And, you know, I think the reporters covering the stories are doing a great job — for the Washington Post, Wall Street Journal, New York Times — I mean, they do a great job of — McClatchy — they do a great job of covering this stuff. I think it just happened to be this moment where, in Rolling Stone, we were able to take all these sorts of feelings and sentiments that were out there and just, you know, concentrate it in 8,000 words or 6,000 words, or whatever it was, and that’s why it created such an impact.
AMY GOODMAN: A lot was made, just at the beginning of the article, for example, you going with them to a bar in Paris —-
MICHAEL HASTINGS: Mm-hmm.
AMY GOODMAN: —- General McChrystal and the top — the senior staff —-
MICHAEL HASTINGS: Right.
AMY GOODMAN: —- the images of the senior staff dancing to the words "Afghanistan." Can you describe that scene, by the way?
MICHAEL HASTINGS: Sure. I had got off the plane in Paris, I believe, on Thursday. That was a Friday night, I believe, if my memory serves. It was General McChrystal’s thirty-third wedding anniversary. And I just happened to have stumbled onto this thing at the right time. And, you know, we went to this bar. It’s around the corner from one of the hotels in Paris. It’s sort of your cheesy Irish pub. And these guys were infantry guys letting loose. And I wasn’t surprised necessarily about that. I spent a lot of time with the military. My younger brother is a decorated combat veteran and was a platoon leader in Iraq. You know, so I have been around military guys when they, you know, tie one on, so to speak. I had never seen folks at this high level do so. And I was sympathetic to them in the fact that, you know, they have very difficult jobs. And the past nine years, they have been living and fighting these wars. The wars are their reason of existence, in many ways. So, yeah, there was, you know, songs, a lot of booze. There was only two quotes that I used from that night. You know, some people have said, oh, you know, all these quotes I have were from a boozy dinner — no, that’s not actually true. Most of the quotes — there’s only two quotes that were taken while these guys were drunk. The "Afghanistan, Afghanistan" song, which, if you count as a quote —-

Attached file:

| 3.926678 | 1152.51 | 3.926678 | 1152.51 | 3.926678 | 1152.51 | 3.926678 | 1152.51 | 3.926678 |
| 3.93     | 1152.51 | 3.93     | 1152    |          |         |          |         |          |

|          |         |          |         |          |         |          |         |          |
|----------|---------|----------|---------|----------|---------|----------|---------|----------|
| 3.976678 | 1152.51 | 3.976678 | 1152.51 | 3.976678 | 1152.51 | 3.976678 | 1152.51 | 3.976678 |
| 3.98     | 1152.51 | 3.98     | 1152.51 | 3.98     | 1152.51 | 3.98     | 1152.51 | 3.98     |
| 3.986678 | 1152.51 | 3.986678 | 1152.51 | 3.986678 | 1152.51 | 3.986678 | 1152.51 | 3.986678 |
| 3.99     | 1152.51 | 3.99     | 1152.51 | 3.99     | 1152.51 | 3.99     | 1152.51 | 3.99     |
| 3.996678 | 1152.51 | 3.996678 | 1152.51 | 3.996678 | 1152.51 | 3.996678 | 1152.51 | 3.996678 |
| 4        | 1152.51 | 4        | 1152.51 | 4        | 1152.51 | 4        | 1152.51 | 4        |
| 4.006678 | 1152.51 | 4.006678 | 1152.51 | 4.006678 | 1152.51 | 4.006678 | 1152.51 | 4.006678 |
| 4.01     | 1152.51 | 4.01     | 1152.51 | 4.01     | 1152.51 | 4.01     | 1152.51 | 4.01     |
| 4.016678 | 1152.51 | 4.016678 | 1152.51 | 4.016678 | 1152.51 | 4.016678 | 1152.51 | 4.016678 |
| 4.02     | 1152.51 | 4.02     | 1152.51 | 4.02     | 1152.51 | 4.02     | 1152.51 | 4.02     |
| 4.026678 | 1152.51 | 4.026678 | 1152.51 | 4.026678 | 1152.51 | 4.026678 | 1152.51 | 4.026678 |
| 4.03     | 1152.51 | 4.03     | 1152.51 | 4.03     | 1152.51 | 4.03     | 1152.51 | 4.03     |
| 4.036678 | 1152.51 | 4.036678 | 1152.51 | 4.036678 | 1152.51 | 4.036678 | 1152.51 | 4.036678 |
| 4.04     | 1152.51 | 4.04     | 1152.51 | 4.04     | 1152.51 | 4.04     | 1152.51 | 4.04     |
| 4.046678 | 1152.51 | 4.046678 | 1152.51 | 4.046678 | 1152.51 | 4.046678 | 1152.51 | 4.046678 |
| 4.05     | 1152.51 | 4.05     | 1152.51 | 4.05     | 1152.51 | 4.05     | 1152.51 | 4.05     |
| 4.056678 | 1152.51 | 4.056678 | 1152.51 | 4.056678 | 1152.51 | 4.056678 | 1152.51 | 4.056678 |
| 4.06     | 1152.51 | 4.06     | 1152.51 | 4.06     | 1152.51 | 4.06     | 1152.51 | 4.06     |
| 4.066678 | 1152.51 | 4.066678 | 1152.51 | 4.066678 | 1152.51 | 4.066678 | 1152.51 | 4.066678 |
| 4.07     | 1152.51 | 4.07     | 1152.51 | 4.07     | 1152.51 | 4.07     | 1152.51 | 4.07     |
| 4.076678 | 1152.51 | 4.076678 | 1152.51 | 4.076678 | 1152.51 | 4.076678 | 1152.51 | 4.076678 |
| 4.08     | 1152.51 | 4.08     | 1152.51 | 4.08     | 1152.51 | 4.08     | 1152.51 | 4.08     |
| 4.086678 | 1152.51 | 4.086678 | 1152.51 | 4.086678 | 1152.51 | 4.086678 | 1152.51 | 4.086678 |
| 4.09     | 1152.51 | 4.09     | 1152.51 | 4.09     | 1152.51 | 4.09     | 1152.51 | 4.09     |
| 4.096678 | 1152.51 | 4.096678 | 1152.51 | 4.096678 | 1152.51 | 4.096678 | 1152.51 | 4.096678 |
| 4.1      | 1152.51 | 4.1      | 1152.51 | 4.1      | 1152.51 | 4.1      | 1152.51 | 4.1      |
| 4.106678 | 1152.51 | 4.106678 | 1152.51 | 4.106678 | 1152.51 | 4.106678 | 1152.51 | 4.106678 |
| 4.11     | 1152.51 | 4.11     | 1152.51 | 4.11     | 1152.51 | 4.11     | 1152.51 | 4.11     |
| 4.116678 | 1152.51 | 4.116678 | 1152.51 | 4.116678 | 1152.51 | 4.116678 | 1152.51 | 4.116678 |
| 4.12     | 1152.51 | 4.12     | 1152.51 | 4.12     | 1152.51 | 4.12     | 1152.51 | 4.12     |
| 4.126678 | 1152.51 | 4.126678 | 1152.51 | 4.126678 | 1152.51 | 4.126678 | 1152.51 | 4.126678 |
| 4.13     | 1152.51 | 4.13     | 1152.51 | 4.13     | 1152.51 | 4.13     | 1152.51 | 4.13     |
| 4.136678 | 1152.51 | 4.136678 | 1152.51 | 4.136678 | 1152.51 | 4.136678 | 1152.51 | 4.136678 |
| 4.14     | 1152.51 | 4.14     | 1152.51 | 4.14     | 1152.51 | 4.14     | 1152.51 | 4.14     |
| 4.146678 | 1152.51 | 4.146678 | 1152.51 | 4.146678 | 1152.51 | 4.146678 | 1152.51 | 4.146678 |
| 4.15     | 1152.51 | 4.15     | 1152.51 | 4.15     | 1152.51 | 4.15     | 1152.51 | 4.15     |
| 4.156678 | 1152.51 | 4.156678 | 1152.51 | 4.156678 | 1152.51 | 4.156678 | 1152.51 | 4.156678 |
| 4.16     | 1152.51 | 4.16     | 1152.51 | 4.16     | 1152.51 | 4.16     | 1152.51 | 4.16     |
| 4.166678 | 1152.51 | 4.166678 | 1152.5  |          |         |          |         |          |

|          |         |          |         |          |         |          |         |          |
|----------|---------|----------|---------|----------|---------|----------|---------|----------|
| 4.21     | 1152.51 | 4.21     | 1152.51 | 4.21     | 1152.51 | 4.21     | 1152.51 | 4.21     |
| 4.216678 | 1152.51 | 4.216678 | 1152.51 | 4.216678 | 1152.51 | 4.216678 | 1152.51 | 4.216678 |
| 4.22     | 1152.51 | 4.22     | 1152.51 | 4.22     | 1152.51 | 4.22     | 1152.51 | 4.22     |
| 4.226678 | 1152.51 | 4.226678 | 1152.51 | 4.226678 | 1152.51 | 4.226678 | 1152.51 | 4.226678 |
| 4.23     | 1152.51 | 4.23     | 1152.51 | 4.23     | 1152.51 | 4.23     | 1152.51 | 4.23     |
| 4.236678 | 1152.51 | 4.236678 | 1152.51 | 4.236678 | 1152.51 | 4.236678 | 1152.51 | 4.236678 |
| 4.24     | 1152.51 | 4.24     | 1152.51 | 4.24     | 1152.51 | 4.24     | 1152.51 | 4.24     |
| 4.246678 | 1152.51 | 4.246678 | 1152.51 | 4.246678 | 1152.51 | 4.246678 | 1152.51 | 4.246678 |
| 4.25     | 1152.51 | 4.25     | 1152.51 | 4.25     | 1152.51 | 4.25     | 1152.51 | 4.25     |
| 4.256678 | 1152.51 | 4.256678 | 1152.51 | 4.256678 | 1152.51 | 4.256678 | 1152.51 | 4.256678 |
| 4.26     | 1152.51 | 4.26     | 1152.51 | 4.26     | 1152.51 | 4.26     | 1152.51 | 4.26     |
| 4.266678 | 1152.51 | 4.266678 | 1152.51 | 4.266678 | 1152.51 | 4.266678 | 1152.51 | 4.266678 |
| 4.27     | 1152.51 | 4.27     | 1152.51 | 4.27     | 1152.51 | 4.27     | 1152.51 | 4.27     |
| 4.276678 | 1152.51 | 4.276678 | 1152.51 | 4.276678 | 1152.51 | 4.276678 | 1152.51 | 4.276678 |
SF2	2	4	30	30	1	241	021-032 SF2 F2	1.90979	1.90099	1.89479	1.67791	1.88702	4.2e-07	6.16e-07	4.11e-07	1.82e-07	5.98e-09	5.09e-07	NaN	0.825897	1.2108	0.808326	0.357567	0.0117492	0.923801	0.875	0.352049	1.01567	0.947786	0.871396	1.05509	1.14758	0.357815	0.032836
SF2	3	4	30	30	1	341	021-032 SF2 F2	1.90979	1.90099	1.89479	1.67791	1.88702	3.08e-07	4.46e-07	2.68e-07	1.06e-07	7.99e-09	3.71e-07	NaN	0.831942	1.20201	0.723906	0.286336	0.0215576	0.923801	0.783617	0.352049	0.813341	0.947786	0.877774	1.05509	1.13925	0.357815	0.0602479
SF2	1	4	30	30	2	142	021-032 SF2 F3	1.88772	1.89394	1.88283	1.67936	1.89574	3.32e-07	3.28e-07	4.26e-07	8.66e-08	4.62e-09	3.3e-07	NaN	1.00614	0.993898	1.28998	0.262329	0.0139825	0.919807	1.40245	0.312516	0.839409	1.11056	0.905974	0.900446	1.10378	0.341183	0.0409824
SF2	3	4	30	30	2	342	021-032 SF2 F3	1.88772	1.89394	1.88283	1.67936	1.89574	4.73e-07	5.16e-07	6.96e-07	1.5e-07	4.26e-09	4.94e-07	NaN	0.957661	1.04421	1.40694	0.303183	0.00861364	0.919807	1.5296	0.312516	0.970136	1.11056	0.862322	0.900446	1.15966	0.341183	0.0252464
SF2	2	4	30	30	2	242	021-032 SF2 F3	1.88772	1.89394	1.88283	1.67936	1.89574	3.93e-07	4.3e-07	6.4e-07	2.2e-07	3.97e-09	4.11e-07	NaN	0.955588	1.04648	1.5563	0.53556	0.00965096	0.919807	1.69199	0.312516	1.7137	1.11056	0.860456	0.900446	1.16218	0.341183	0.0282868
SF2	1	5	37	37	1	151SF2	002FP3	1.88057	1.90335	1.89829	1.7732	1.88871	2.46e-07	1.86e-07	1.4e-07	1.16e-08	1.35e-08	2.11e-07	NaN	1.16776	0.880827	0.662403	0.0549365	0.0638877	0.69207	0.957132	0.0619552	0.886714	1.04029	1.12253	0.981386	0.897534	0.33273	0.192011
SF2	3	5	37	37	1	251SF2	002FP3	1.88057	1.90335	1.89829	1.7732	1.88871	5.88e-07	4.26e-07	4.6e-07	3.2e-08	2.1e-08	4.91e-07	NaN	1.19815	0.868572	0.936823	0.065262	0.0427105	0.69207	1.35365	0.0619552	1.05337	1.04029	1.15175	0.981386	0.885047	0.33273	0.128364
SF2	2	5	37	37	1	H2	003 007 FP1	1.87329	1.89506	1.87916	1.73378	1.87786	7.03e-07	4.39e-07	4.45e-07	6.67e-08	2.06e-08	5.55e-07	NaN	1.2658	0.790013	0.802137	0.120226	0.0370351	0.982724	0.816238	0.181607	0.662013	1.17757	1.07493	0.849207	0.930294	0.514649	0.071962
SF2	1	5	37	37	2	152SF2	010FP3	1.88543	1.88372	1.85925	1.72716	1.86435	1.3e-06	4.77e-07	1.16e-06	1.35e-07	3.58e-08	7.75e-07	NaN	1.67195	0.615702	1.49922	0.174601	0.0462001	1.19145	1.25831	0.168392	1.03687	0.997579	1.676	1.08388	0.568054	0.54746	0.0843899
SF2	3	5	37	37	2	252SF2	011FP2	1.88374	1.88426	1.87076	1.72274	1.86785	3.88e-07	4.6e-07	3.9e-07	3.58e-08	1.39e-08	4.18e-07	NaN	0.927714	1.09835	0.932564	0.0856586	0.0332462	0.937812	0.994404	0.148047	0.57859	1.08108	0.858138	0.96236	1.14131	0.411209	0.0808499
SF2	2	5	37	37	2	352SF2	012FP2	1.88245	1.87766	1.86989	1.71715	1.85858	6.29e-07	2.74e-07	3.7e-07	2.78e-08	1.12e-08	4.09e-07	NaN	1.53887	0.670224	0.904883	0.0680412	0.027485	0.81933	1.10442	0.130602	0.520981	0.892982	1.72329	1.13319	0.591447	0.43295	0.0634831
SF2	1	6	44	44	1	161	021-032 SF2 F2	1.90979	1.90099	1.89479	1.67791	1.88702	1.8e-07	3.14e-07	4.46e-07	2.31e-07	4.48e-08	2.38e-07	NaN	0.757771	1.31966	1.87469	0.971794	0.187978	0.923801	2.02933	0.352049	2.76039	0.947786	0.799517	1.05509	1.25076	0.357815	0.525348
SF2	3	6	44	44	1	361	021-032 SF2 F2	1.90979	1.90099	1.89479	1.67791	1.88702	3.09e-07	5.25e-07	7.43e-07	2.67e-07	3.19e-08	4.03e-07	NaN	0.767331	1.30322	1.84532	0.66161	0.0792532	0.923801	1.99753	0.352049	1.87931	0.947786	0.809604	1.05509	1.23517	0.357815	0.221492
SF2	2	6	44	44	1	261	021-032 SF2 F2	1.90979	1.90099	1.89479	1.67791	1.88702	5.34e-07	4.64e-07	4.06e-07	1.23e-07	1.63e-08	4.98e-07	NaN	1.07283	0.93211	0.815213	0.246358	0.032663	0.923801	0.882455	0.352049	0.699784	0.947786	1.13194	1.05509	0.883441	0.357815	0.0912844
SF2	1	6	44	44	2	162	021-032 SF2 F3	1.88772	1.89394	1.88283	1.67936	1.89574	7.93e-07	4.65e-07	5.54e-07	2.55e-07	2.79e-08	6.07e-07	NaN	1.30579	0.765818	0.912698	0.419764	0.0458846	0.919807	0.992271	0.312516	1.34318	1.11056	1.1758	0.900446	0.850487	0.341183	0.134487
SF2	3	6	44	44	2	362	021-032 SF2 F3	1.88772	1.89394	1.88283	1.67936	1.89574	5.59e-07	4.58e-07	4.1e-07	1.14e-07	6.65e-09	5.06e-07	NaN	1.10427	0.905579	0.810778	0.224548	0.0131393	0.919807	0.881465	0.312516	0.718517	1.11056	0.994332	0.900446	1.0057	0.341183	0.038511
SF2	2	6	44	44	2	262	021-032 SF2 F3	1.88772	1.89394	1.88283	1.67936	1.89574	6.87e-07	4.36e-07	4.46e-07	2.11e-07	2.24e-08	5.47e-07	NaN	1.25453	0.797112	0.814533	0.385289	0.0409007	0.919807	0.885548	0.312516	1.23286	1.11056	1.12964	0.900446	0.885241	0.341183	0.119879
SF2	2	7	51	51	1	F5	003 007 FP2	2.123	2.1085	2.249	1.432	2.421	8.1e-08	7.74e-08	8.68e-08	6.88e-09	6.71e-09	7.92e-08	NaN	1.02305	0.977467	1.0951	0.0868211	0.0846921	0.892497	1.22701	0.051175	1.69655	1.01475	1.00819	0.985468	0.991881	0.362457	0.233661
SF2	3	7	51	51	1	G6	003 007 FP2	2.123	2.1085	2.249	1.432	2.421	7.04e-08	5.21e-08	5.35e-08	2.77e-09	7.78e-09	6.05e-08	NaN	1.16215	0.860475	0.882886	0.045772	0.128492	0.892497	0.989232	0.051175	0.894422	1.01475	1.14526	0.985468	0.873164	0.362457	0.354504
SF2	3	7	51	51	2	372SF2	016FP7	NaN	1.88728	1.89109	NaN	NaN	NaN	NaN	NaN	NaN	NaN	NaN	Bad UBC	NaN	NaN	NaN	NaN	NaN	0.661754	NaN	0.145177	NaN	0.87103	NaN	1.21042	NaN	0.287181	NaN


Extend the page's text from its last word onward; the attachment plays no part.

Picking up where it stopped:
AMY GOODMAN: So they’re dancing and singing.
MICHAEL HASTINGS: Dancing and singing and, you know, giving toasts and fairly typical sort of Band of Brothers sort of atmosphere. I mean, these guys are very tight knit. I mean, to General McChrystal, those men on his team are his family. You know, these guys, they would do anything. They would die for each other. And that’s what General McChrystal told me. And that’s actually the only quote I used from that night, besides the Afghanistan song. So, in many ways, it was a very powerful moment just to see the people who are really shaping the policy of this war in a setting that we’d never -— at least I had never seen them in such a setting before.
AMY GOODMAN: Some in the mainstream media have said you violated the so-called ground rules in writing your article. So, let me play a clip from Lara Logan, the chief foreign affairs correspondent for CBS News. She’s interviewed by Howard Kurtz on CNN.
HOWARD KURTZ: If you had been travelling with General McChrystal and heard these comments about Barack Obama, Joe Biden, Jim Jones, Richard Holbrooke, would you have reported them?
LARA LOGAN: Well, it really depends on the circumstances. It’s hard to know here. Michael Hastings, if you believe him, says that there were no ground rules laid out. And, I mean, that just doesn’t really make a lot of sense to me, because if you look at the people around General McChrystal, if you look at his history, he was the Joint Special Operations commander. He has a history of not interacting with the media at all. And his chief of intelligence, Mike Flynn, is the same. I mean, I know these people. They never let their guard down like that. To me, something doesn’t add up here. I just — I don’t believe it.
HOWARD KURTZ: Washington Post quoted an unnamed senior military official as saying that Michael Hastings broke the off-the-record ground rules. But the person who said this was on background and wouldn’t allow his name to be used. Is that fair?